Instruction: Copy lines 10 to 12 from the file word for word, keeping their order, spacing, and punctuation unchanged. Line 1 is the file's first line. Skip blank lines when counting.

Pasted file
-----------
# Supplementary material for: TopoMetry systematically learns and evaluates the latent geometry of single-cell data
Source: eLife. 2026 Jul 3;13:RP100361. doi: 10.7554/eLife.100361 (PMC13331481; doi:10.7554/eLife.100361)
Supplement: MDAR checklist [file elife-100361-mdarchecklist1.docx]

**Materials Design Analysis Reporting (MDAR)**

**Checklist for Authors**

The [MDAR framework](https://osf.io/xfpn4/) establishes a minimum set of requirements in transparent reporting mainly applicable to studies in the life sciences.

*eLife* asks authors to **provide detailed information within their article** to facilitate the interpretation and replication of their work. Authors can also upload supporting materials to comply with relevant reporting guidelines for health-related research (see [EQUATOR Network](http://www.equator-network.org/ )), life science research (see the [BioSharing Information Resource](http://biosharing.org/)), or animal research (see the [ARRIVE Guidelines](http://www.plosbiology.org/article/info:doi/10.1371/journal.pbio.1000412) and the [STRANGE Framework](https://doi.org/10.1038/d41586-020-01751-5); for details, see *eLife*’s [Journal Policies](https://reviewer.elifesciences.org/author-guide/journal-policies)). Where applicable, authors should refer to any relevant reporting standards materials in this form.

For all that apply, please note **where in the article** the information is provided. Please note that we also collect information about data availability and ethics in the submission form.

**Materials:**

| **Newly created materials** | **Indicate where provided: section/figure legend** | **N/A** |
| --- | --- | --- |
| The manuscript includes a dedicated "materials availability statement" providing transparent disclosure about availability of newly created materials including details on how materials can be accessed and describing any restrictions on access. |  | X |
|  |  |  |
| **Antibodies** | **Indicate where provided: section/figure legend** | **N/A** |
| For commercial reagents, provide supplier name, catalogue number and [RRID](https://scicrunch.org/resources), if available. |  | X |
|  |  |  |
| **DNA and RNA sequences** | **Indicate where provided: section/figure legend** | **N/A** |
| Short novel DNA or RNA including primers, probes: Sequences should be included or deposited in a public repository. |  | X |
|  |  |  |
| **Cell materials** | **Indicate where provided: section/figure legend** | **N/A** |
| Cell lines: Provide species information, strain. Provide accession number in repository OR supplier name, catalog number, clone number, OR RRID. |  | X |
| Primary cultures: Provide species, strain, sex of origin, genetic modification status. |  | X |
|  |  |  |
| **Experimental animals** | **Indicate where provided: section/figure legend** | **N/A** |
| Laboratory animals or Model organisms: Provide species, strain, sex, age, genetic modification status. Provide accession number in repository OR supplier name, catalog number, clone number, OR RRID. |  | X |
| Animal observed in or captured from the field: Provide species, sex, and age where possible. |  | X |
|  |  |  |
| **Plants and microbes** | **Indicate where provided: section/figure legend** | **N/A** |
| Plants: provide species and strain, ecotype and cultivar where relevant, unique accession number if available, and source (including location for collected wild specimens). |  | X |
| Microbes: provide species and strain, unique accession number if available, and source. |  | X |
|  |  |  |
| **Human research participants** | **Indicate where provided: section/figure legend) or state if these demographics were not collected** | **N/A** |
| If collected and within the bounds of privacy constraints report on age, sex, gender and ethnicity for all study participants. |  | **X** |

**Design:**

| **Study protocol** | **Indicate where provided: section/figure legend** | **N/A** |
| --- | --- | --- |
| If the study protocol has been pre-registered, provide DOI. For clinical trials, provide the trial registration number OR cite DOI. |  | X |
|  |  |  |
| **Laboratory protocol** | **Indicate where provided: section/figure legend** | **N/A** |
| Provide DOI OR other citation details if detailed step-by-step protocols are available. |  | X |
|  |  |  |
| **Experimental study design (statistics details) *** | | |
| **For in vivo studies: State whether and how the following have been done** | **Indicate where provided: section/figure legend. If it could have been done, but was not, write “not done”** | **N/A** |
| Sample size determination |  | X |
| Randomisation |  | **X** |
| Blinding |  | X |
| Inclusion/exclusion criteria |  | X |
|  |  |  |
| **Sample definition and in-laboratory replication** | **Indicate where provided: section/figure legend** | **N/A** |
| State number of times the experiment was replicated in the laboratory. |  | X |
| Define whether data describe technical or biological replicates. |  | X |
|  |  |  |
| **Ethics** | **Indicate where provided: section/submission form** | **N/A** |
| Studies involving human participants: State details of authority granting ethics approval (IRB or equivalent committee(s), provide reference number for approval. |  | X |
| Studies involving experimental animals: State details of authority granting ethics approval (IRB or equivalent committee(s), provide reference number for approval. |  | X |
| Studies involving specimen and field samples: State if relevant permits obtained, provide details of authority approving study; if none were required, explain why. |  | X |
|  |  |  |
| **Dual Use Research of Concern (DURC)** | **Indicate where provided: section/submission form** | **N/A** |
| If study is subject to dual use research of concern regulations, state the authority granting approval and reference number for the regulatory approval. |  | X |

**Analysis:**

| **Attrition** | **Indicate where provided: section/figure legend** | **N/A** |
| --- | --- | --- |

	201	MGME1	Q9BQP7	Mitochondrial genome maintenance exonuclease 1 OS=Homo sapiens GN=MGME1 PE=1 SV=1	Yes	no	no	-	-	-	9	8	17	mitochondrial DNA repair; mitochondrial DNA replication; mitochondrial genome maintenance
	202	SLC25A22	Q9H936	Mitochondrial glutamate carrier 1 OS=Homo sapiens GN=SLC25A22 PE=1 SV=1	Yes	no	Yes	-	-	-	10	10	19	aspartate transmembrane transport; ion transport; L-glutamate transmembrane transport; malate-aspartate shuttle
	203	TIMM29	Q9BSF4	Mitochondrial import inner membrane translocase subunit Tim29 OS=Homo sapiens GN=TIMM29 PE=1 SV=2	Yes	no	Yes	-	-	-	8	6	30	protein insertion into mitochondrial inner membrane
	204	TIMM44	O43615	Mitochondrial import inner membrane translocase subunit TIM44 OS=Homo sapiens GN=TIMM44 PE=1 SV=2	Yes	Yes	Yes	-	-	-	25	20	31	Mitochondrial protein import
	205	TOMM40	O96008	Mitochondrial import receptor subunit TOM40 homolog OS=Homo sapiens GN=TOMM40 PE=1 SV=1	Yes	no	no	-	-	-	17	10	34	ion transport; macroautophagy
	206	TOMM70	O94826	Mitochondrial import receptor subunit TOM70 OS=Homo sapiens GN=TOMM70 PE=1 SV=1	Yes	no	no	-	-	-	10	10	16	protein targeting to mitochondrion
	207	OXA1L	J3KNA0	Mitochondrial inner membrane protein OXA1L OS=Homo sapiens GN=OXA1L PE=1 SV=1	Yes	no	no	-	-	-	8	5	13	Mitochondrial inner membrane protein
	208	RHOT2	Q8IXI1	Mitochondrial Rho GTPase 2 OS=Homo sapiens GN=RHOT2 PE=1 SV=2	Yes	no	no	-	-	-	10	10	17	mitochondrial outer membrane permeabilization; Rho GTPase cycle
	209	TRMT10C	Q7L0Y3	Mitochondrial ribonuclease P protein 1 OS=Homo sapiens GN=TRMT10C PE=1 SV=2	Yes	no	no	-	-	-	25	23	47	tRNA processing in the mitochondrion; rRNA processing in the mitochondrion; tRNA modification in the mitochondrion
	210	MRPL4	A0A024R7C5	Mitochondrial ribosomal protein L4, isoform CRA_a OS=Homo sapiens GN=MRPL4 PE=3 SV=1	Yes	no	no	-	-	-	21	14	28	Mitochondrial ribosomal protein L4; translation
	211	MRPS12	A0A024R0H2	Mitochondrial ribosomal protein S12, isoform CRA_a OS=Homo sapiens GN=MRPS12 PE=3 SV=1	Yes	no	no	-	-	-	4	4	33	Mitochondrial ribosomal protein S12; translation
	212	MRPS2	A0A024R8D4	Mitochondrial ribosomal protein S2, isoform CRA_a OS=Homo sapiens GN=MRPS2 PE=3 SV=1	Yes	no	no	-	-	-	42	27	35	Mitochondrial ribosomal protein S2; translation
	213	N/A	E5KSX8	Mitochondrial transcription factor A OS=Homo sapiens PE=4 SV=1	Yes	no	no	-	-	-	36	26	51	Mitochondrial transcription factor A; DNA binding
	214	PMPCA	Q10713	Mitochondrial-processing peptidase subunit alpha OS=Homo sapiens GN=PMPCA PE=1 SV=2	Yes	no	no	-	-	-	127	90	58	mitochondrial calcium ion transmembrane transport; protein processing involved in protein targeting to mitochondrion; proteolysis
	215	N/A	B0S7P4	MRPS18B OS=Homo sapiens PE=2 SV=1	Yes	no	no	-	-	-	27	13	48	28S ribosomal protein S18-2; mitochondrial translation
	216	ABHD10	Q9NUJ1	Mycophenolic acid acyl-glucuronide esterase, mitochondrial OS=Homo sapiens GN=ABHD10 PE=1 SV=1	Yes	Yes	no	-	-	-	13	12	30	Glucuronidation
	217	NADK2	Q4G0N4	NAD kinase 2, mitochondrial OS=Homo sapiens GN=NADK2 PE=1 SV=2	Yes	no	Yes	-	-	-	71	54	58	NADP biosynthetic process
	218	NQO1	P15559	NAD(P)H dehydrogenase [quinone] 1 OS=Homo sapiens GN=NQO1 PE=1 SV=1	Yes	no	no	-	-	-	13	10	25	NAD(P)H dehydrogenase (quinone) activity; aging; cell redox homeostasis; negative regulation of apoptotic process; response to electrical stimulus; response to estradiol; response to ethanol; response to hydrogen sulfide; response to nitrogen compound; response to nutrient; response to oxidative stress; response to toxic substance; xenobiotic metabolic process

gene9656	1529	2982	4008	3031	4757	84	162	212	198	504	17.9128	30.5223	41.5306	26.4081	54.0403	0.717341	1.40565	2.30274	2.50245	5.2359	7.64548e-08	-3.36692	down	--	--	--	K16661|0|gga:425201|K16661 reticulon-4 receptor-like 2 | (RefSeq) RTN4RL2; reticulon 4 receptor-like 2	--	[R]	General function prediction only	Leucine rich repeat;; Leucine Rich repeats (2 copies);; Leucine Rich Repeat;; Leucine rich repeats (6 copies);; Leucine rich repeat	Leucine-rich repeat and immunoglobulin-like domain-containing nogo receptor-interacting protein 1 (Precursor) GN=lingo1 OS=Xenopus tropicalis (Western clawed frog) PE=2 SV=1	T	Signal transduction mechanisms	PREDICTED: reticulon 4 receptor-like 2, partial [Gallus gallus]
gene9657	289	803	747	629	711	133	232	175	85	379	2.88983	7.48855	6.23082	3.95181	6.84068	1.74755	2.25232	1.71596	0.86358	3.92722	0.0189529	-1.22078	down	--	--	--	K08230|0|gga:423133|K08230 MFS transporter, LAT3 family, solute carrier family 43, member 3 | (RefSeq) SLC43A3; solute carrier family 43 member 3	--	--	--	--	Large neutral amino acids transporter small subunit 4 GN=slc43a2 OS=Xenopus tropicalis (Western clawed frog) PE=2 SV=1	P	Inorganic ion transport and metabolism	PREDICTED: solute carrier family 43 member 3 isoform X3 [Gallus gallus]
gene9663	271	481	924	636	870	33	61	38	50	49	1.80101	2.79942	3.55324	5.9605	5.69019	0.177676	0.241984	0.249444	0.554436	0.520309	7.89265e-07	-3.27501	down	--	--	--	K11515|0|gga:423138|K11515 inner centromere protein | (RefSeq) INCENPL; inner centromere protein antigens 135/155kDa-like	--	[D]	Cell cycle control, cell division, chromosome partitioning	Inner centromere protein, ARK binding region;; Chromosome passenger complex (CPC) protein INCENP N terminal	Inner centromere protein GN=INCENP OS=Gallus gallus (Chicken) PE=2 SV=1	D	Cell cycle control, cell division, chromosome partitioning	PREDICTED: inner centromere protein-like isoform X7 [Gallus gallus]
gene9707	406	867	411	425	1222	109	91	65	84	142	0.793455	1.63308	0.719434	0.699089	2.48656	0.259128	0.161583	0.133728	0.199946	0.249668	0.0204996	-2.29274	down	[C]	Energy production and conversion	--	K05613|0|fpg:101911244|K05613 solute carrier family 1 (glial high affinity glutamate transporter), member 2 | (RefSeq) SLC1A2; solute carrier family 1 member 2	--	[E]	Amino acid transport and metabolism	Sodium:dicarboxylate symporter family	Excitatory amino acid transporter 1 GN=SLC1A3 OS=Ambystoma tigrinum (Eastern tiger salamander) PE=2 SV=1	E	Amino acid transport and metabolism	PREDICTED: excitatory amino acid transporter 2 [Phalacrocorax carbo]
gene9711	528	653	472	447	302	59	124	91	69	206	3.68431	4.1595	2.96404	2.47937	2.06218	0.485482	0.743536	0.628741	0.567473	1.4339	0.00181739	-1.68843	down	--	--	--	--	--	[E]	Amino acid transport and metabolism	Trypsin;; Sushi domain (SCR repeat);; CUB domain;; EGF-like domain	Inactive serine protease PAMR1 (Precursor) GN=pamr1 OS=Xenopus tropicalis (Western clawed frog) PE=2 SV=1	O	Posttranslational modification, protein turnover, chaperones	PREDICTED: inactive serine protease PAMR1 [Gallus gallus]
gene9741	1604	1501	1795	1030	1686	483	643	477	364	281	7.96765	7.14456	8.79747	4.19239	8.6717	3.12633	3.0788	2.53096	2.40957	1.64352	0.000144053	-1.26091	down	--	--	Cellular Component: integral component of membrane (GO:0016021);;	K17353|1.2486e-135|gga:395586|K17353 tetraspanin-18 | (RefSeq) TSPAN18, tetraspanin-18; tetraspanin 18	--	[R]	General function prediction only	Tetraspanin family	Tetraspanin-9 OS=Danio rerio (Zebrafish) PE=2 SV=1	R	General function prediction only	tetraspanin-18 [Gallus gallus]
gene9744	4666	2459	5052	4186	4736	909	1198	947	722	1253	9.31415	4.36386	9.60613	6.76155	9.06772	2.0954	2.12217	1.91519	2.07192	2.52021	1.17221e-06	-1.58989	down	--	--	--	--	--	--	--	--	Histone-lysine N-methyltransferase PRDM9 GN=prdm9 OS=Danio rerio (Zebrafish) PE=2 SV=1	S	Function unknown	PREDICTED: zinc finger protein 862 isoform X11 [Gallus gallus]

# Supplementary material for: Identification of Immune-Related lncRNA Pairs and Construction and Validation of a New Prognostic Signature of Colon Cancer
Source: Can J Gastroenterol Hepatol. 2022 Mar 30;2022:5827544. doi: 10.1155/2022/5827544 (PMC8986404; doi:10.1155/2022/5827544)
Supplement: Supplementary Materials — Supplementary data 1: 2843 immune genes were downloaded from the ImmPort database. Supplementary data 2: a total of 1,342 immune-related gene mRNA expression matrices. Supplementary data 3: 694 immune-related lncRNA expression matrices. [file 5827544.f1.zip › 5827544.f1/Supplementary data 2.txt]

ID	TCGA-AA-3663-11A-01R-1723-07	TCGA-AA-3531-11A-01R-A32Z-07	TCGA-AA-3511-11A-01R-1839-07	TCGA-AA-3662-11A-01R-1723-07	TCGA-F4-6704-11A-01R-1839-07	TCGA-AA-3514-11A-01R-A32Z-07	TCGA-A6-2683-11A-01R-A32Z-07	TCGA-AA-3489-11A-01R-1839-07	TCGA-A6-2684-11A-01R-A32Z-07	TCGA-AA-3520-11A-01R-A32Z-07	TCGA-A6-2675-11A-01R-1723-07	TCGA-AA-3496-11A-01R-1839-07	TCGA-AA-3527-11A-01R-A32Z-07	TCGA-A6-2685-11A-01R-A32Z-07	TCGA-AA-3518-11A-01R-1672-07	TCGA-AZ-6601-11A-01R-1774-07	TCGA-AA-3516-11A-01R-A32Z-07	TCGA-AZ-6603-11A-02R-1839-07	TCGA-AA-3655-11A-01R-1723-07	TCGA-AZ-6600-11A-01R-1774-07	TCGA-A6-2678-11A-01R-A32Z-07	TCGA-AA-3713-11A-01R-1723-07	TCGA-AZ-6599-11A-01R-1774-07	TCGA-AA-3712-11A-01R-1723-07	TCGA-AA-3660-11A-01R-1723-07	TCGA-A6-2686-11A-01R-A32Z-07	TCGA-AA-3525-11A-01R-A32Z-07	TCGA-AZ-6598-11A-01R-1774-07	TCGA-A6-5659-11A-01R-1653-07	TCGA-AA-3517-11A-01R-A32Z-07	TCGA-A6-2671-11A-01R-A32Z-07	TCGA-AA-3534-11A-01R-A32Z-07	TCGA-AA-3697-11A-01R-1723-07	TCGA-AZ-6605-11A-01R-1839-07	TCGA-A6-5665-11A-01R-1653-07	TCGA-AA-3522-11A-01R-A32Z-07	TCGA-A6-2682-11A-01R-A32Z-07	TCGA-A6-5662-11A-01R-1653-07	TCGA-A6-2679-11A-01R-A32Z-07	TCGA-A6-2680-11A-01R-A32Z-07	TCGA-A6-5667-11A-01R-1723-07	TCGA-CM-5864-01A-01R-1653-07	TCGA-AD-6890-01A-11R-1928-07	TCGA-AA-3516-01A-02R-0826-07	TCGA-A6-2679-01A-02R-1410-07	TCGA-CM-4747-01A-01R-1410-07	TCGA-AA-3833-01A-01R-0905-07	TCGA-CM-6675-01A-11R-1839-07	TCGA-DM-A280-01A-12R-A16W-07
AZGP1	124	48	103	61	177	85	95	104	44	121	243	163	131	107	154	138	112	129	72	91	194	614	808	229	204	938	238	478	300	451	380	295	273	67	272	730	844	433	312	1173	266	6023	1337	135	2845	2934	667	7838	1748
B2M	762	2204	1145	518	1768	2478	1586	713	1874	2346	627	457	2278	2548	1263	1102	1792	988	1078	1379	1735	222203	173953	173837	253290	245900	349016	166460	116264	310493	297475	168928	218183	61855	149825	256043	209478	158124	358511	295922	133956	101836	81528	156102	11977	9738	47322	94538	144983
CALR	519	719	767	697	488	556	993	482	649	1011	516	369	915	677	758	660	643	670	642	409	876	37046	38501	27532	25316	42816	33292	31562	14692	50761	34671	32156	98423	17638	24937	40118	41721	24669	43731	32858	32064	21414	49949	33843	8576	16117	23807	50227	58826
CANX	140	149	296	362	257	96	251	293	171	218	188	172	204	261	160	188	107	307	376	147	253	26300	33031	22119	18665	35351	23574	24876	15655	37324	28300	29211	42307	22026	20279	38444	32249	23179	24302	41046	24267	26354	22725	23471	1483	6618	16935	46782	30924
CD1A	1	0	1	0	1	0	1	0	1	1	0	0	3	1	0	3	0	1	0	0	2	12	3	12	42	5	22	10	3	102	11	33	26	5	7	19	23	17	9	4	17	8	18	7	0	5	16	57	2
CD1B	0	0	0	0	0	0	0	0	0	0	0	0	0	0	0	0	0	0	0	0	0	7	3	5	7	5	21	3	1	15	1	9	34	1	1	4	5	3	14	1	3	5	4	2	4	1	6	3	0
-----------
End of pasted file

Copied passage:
| **Newly created materials** | **Indicate where provided: section/figure legend** | **N/A** |
| --- | --- | --- |
| The manuscript includes a dedicated "materials availability statement" providing transparent disclosure about availability of newly created materials including details on how materials can be accessed and describing any restrictions on access. |  | X |